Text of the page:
Long-Term Thinking in a Short-Term World

I’ve been playing around with my Access database today. It’s where I track all of my book sales across different platforms and I needed to update my reports to link the multiple paperback versions of the Excel guides so they wouldn’t appear on separate lines in my consolidated reports.

Anyway. Long story short, I created a “Net Profit and Loss by Series” report out of all of it that incorporates my advertising spend as well as what I’ve spent on covers.

Good news is out of 25 “series”, all but two are net profitable.

Bad news is that one of the series that’s still a net loss is my fantasy trilogy.

Why? Primarily because of the cost of the absolutely gorgeous covers.

Seeing that negative number on the report almost two years after book 1 launched makes my gut clench.

I feel this compelling need to second-guess all my decisions and hard work and where I’ve focused my efforts.

My top series in terms of net profits? That damned sort of kind of written-to-market billionaire romance series. My number two? My two romance novels that are standalone but related. Conclusion? Write more romance. But…

It’s not that simple.

Because I’m trying to play the long game here.

And part of my strategy meant not pushing too hard on promoting the series until it was done. I launched book 1 of the fantasy series at a price of $4.99.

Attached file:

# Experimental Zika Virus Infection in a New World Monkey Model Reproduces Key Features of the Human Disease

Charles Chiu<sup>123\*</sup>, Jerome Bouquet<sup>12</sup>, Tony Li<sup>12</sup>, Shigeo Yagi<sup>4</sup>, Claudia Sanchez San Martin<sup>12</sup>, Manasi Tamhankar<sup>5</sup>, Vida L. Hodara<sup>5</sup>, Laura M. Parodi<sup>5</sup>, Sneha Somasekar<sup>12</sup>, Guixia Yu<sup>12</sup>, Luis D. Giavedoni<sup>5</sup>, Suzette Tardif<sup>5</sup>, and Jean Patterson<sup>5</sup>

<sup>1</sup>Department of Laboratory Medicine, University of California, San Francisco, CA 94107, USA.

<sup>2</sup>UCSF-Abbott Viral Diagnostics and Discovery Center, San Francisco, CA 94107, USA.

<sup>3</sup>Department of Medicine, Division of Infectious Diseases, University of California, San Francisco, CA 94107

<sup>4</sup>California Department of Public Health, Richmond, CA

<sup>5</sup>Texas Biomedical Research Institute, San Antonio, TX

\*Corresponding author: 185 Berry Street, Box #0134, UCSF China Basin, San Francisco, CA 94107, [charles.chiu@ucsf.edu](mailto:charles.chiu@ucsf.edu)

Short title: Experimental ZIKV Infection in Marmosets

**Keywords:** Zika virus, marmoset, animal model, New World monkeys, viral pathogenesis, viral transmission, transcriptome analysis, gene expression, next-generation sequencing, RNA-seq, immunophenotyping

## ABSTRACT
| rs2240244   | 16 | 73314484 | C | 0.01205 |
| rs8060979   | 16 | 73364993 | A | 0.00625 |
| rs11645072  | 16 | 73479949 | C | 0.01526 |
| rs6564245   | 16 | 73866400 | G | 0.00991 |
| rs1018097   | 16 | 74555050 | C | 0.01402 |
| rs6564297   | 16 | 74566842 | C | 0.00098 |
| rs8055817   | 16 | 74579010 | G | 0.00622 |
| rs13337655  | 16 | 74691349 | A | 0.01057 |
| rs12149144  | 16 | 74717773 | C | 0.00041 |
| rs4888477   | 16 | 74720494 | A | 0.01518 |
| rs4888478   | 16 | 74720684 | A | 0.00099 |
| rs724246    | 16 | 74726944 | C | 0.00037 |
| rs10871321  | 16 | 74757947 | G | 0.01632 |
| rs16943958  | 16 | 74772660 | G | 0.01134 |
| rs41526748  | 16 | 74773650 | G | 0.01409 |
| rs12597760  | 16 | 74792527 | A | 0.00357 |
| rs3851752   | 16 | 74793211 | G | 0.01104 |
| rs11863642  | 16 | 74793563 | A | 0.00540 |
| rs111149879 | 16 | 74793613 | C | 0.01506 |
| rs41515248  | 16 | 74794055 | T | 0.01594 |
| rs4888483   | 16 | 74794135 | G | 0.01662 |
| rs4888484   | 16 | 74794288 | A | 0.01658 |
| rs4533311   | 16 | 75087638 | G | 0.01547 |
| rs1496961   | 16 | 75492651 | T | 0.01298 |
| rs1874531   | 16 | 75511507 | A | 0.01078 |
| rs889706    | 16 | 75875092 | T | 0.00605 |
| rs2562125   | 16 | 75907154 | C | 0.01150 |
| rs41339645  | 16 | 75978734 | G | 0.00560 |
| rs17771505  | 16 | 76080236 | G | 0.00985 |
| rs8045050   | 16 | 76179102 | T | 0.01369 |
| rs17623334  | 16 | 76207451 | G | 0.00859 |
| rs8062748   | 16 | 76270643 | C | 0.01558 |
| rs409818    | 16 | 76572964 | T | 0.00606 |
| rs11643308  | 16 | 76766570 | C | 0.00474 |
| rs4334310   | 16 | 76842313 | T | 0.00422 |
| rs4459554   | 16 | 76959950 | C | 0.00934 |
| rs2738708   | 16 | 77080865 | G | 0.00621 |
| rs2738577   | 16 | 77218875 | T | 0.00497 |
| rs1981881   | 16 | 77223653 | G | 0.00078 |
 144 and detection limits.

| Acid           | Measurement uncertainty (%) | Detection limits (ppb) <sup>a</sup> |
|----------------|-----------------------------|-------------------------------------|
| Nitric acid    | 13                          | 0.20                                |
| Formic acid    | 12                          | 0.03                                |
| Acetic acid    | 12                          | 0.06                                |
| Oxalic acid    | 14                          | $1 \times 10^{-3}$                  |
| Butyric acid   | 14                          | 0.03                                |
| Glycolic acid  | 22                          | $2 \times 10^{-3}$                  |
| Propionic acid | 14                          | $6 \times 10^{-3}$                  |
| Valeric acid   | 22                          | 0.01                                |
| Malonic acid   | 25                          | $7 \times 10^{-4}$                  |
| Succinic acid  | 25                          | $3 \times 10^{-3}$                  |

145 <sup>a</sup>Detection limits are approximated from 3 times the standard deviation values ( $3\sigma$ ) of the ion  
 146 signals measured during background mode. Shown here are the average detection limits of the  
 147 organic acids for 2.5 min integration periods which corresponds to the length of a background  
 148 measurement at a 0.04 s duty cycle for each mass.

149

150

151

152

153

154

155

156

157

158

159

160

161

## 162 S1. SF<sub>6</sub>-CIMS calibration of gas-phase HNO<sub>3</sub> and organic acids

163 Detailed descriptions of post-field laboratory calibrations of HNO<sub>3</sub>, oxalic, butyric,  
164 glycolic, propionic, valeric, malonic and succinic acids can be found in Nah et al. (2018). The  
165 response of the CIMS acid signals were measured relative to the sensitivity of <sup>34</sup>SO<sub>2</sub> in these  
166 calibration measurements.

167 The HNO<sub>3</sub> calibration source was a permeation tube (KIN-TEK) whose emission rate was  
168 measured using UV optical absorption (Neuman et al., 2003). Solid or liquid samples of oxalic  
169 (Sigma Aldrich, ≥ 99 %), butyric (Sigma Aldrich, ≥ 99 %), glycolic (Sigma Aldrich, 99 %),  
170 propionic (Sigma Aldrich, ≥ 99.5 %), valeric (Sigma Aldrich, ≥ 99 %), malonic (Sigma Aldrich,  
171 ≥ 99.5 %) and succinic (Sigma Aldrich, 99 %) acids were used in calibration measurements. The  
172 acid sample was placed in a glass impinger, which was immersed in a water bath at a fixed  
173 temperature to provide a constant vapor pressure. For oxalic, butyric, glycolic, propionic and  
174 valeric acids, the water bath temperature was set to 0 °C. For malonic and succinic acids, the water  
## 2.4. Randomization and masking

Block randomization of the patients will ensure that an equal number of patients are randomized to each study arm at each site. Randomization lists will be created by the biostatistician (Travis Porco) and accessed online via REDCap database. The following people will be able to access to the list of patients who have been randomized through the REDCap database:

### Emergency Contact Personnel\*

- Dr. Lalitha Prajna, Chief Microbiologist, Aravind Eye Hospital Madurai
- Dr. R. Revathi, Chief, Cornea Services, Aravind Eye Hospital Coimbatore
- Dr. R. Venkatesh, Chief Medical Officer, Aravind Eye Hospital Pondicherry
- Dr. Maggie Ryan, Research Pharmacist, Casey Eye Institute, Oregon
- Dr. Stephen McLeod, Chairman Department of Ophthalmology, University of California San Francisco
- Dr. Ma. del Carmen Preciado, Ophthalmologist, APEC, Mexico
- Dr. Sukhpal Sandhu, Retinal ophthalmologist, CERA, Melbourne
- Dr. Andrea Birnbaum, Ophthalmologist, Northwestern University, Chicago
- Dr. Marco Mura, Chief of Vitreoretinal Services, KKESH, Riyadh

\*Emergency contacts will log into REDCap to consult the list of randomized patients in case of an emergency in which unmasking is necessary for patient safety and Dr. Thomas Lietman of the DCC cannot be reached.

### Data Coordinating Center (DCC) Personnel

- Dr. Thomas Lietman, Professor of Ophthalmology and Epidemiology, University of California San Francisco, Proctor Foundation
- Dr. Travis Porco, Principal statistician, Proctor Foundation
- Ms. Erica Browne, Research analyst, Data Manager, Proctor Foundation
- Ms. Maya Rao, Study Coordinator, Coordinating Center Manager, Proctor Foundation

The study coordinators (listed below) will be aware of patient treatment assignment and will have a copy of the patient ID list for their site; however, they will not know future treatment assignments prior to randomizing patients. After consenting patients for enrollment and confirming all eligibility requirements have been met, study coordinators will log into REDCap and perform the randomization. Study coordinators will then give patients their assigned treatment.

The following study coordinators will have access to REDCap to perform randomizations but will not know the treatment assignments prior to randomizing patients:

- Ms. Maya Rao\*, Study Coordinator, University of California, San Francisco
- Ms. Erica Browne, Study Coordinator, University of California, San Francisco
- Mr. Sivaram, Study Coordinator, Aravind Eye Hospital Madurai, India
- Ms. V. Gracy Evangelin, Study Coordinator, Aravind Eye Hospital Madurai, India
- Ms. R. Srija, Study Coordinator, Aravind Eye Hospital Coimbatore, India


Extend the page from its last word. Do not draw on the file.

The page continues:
Sure, I threw some advertising at it, but if my focus had been on getting as many sales as possible as soon as possible, I would’ve priced at 99 cents.

But that would’ve been penny-wise and pound foolish in my opinion. I’ve said it before, I’ll say it again. I think I’m a good enough author people will read through my entire series if they enjoy book 1, but not so good that they’ll wait me out like they do Patrick Rothfuss and George RR Martin.

If my books aren’t there to buy they won’t be bought. And I don’t write these novels in a few weeks or even a few months.

I knew book 1 was going to be hanging out there by itself for a while and that most of the readers I attracted to book 1 wouldn’t hang around for book 3 whenever it was out. So every reader that bought book 1 before the series was done was probably a long-term loss.

I’m weak, though. I’ve run AMS ads on the books for over a year now, because I just couldn’t stand to see them not selling at all.

And I weakened further in January when I applied for a Bookbub. I got it. (International-only in a small category, thankfully.)

AMS and applying for that Bookbub didn’t fit my long-term strategy of waiting for the series to be complete, but I just needed to know the series could sell.

Because it’s hard to delay that gratification that long. To see other authors talking about the thousands of copies they’re selling and see their great book ranks.

So after succumbing to the temptation of a Bookbub in January I reminded myself  repeatedly that I had a long-term plan.